Freeze frame--The simulation of a still photograph on the screen produced by printing a single frame of an image many times in succession.
Front projection--Opposite of 'back projection' where the image is projected on a screen behind the actors, and the actors are photographed from the same side.
Full shot--A full length shot of a subject in which the subject dominates.
Gaffer--The person in charge of the electrical circuits, wiring, lights, etc. on a set. The gaffer is usually assisted by a person called the best boy.
Genre--A category of films that share similar styles, story types, character-types, etc. Examples of film genres include: action/ adventure, science fiction, horror, western, comedy, children, drama, mystery, documentary, romance, suspense, teen, etc.
Grip--The person responsible for props on a set.
Jump cut--A cut within a scene (to be differentiated from a cut between scenes). Commonly used to eliminate unnecessary time in an action. For example the middle portion of the time spent by a person traversing a room may be eliminated because the chief point of interest is the entry and the destination.
Key lighting--Principal or main lighting.
Lighting cameraman--Another name for a cinematographer.
Location shooting--Shooting a film in a place (location) away from a studio set.
Long shot--A shot in which objects and subjects appear in their entirety and usually involving a deep focus approach.
Macro lens--A special type of lens that permits extremely close focusing (involving distances as short as a tenth of a centimeter from the lens surface.)
Married print--A film print in which the image and sound are included (married) together.
Master shot--Similar to a long shot but of a longer duration. It serves as a basis for putting together other shots (e.g. detail shots, close-up shots, etc.)
Mise en scene--A French term signifying what actually happens--in terms of placement and direction of actors, cameras, lighting, etc.--on the set (as distinct from what happens in the editing room [montage]) in the making of a film. Realists place heavier emphasis on the mise en scene approach than expressionists who place greater emphasis on montage.
Montage--In simple terms it means editing. However, usually it refers to a special type of editing in which two scenes are juxtaposed against each other to produce a meaning that is not on film itself but an outcome of viewer interpretation.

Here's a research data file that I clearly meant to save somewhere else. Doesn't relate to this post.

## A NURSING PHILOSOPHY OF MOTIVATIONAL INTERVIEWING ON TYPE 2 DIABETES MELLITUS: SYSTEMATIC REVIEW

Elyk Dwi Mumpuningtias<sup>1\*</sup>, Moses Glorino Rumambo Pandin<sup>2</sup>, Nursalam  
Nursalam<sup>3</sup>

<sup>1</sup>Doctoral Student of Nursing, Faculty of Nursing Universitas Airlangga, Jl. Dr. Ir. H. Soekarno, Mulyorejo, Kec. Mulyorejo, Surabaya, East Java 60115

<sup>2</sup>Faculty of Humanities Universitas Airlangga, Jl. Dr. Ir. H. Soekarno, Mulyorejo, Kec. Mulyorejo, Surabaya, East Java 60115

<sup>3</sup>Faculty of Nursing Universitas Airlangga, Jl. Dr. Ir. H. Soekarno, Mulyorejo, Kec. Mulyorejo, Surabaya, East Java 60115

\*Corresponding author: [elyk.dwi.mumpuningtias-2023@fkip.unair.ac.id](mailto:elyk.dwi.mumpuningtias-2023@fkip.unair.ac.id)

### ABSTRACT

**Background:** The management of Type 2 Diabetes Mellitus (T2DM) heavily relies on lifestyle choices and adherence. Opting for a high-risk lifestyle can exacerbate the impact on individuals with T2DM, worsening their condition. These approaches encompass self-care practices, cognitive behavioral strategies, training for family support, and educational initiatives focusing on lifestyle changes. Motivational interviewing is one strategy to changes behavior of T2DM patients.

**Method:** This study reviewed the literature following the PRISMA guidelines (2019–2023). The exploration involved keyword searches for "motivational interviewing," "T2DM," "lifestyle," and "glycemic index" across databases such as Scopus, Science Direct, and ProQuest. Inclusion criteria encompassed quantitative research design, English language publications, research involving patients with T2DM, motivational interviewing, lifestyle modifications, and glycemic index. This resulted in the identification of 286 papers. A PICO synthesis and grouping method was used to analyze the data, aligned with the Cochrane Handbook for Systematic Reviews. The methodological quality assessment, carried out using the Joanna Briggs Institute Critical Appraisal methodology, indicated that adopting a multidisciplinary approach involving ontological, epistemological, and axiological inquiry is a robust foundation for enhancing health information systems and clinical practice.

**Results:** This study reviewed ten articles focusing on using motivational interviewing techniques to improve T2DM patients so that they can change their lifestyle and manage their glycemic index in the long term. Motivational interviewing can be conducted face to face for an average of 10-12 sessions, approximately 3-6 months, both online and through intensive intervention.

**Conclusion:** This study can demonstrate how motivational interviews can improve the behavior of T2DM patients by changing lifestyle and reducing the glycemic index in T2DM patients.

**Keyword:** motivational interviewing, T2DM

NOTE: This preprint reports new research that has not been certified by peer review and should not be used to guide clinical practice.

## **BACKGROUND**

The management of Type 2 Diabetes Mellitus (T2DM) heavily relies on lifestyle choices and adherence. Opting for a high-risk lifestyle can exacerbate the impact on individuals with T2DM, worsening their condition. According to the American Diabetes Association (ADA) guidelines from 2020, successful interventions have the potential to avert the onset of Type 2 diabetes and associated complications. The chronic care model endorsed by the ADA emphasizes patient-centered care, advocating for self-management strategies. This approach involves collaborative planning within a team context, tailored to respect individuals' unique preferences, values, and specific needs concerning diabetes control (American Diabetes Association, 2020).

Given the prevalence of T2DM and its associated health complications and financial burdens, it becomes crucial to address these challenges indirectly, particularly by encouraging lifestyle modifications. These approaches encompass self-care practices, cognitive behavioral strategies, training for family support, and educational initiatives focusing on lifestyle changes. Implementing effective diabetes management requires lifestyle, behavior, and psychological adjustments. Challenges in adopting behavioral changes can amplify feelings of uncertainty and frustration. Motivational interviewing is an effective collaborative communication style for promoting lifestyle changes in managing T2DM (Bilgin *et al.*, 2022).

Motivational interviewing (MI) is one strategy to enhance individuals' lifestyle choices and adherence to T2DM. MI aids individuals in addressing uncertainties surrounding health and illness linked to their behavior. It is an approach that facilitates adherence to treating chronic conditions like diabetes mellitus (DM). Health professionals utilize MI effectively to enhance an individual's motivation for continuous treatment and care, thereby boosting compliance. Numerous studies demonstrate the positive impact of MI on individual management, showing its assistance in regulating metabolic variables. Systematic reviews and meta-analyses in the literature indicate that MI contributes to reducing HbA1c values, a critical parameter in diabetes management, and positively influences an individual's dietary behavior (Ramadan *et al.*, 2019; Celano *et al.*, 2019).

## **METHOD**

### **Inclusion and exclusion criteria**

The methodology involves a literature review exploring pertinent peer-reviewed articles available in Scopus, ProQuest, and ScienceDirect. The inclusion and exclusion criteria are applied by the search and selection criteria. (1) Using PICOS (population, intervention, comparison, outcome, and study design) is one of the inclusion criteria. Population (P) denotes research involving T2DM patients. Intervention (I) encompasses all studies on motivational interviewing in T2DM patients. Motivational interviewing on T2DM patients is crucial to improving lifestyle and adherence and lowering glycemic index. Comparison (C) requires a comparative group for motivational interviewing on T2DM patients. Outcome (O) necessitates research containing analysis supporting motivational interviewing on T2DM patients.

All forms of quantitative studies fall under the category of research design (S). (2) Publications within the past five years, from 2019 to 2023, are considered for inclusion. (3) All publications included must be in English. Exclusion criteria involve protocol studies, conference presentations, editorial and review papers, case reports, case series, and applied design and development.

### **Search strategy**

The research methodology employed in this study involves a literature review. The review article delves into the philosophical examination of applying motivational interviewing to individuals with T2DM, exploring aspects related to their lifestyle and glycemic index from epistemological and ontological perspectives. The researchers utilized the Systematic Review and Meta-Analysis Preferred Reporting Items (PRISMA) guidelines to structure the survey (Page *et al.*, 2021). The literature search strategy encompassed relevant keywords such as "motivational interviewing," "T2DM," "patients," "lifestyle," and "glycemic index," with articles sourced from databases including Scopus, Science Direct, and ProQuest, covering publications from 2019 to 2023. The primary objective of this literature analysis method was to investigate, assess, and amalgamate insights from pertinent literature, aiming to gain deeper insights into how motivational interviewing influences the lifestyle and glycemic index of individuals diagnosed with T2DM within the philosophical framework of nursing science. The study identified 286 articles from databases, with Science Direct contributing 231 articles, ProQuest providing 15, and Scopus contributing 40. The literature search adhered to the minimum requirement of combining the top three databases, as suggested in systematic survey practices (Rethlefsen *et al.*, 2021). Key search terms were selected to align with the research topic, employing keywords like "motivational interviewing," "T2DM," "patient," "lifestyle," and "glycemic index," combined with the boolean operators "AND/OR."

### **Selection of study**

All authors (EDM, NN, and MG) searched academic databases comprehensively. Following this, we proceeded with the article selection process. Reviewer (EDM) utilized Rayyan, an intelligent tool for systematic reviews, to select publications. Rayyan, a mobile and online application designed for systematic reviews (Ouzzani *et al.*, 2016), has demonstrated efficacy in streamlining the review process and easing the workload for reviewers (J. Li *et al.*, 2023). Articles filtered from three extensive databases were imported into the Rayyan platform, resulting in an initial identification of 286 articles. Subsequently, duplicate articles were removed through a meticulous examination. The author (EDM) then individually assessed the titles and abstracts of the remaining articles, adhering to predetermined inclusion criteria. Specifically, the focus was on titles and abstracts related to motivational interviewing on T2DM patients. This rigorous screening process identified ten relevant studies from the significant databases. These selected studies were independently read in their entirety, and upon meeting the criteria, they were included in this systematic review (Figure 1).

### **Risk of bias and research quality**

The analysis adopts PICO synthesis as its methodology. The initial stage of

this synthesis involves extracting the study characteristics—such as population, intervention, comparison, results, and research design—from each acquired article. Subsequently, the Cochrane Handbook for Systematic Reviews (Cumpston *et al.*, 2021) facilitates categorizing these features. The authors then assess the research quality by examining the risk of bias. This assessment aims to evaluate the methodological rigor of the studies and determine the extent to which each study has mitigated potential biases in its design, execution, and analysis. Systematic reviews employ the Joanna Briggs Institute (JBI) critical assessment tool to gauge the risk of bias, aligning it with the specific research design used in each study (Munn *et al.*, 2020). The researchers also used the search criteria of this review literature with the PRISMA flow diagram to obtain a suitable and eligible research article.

Multiple exposure--Two or more images are printed on top of each other.
Narrative film--Usually a feature film that tells a story (as distinct from say a poetic film).
No-Budget film--A low budget film produced at a cost of around one hundred thousand dollars. In probably all instances, a no-budget film will be made by an independent filmmaker strongly committed to making the film. A low-budget film, it may be noted, is a film made at a cost of around five million dollars.
Optical Printer--A machine that allows duplication of film prints. It is also used for producing optical effects, as well as correcting color values (called timing) and correcting contrast.
Out-takes--Shots filmed but eventually remain unused in the film because of editing decisions.
Over the shoulder shot--A shot taken usually when two persons are involved in a dialogue that permits the viewer to see the speaker over the shoulder of the listener. In such a shot parts of the head and shoulder of both the speaker and the listener will be visible in the film frame.
Overexposure--Allowing too much light into the camera during photography causing the image to become too light.
Pan--Camera movement from left to right or right to left.
Point of view shot--A shot of a view taken from the perspective of one of the characters in the film.
Postproduction--The phase of filmmaking that takes place between principal photography and the distribution of the film to movie theatres. In this phase such tasks as the following will be attended to: editing, addition of sound and visual effects, reshooting of scenes where necessary, music synchronization, making of answer prints, and so on. (See also preproduction.)
Preproduction--The phase of filmmaking that takes place between receiving financial approval to make a film and principal photography. In this phase such tasks as the following will be attended to: setting up a production office, hiring of film crew members, casting of parts in the film, designing of sets, planning of stunts, setting up a shooting schedule, and so on.
Principal photography--The actual shooting of a film where the main photography of the film is accomplished (also referred to as the production phase). This is the phase that brings together all the work of the preproduction phase.
Print--A positive copy of a film. Films are distributed for viewing in this form.
Pull back shot--A shot that is reversed via tracking or zooming in order to reveal the context of the subject. For example a shot that commences with a closeup and then gradually proceeds to reveal the entire person and finally the surroundings too.
Realism--A technique of making films in which the subject matter is more important than the film-makers personal viewpoint. It is opposite to expressionism.
Real time--Actual present time. A live broadcast of a performance, for example, occurs in real time (compare with a pre-recorded broadcast of a performance).
Rushes--Another term for dailies.
Scene--One or more shots that together produce a coherent segment in the narrative.
Screenplay--A film script with dialogue and usually (but not always) with indications of how each scene is to be photographed.
Set--The location where filming of a scene takes place.
Shot--A single piece of film made by continuously running the camera without cuts.
Studio--This term may refer to a physical place where films are shot or it may refer to the huge conglomerate motion picture companies such as Columbia, Walt Disney, MGM/UA, Orion, Warner Bros., Paramount, Twentieth Century-Fox and Universal.
Subjective camera--The point of view of the subject in a scene in contrast to the point of view of the filmmaker. In this situation the camera becomes the eyes of the subject (and the viewer is made to see what the subject is seeing in the scene).
Swish pan--A quick pan movement of the camera causing a blurring of details in a scene. Sometimes used as a transitional device where the viewer is 'transported' to a different time and place at the end of the pan.
Take--A version of shot. Usually several versions of a shot will be taken to permit greater choice in film editing.
Verisimilitude--A quality of making something appear to be real.
Workprint--Duplicate print of the original print that editors can cut to produce the final film.